To remedy this situation, don't let your daughter ride this horse until you have developed a relationship based on trust and respect. The horse will remain unsafe and unreliable until it has come to trust you and your daughter, until it has become acquainted with some of its stable mates in an appropriate way and you have developed a relationship with it. You begin to develop this relationship through playing with and directing movement on the ground that is beyond simple lungeing for warm up (both you and your daughter need to do this). I don't meant to be disrespectful, but you also need more knowledge about horses. Sounds like your background is fairly standard English riding. This is all about humans riding horses and not about knowledge about the horse itself. Riding horses should be the icing on the cake of the human's relationship with the horse. This, sadly, is almost never the case. The human activity of riding always takes priority over knowledge about horses. If you actually had some solid education about horses, you would have known the obvious steps to introduce a horse to a new environment. I strongly suggest you invest just a little money in education about horses for yourself and your daughter. Knowledge dispels a lot of fear. You can easily, cheaply and efficiently gain a lot of knowledge through the purchase of several training dvd's. Many good ones are found in the backs of all horse magazines. I have several in the shopping corral of my website that would prove very valuable to you. No matter whose you get, get several and watch them with your daughter. Then practice some of the techniques for developing trust with your horse. I have taught this sort of appropriate and knowledgeable horsemanship to children younger than your daughter and they love it and do great. By the time they begin to ride their understanding of horses is so good that their riding becomes so much more appropriate and easier on both them and their horse(s). Additionally, riding instructors do not teach much about horses beyond maintenance, saddling, grooming and riding. They teach nothing about the horse itself. No info about their psychology, language, emotional lives, empathytic lives, etc. is offered. It always "show him who is the boss." This is a sad and unfortunate commentary on the traditional English way of approaching horsemanship. It not about control. Its should be a dance, all of it. With the human as the great leader of this dance.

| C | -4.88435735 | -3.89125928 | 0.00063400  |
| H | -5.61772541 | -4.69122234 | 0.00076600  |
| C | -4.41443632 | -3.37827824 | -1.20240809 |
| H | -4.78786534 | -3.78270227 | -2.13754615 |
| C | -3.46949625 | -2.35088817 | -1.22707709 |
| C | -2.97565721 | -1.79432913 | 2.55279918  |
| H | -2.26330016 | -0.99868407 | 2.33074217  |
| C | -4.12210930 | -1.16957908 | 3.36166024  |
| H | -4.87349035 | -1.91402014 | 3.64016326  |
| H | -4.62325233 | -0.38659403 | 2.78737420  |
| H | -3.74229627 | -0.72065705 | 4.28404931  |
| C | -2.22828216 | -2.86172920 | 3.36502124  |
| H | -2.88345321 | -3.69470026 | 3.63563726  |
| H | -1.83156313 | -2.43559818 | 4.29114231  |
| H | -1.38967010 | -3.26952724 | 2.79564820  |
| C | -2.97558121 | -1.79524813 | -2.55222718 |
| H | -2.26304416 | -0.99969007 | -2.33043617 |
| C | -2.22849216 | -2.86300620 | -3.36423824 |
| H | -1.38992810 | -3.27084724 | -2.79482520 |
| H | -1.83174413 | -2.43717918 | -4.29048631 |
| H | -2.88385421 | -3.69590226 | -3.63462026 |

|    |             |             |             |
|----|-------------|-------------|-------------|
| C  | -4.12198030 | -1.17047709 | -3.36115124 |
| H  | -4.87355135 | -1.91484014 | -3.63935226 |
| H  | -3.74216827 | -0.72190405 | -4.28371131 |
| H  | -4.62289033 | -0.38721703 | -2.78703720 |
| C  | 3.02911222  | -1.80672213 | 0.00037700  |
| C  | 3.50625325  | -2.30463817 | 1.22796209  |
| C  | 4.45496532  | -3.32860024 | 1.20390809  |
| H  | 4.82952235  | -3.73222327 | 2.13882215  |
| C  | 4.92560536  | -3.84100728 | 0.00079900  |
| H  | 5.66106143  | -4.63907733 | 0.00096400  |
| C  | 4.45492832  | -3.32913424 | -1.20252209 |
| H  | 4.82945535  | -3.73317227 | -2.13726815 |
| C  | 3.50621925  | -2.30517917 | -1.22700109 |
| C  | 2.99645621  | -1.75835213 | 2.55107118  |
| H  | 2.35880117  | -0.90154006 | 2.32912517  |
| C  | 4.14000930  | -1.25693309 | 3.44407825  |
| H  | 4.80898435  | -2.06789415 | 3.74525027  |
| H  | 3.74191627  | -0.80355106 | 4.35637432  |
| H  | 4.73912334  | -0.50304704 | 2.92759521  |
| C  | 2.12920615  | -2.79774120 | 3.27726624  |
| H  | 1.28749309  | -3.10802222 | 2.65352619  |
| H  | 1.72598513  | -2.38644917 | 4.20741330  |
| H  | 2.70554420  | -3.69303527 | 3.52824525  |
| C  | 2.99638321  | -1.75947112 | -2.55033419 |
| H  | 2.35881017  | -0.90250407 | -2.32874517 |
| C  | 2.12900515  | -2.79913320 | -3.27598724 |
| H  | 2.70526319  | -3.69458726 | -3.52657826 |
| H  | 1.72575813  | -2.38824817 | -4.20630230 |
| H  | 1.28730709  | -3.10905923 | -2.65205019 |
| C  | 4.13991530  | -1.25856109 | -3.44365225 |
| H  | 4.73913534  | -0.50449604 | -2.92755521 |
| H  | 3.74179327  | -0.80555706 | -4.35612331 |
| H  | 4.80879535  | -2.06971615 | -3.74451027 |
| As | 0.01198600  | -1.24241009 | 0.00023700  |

I don't mean to sound harsh and please forgive me if I do. Its just that your situation is so common and so unfortunate for the horse as well as your child.

Also, it is so easily remedied through gaining some good knowledge about these wonderful animals. This knowledge has nothing to do with riding the horse. That any riding instructor can teach. Learn about HORSES. Allow your daughter the opportunity to develop a real relationship with your new horse. You need education to do this. You cannot rely on any riding instructor to teach about the horse. Many don't really know. Sadly the majority of horse owners

I work with who are great riders and have rooms full of ribbons and trophies, have little knowledge about the horses they ride. Great riders do not neccessarialy make great horse people. Consider becoming more well-rounded in your horsemanship. It is easy, fun, safe, builds confidence and skill with equines. Good luck and please give me your thoughts about the content of this email. I mean no disrespect to you. Your situation is so prevalent and the remedy is so's called education about horses, not riding instruction. Not very traditional is it?

Sincerely yours, Franklin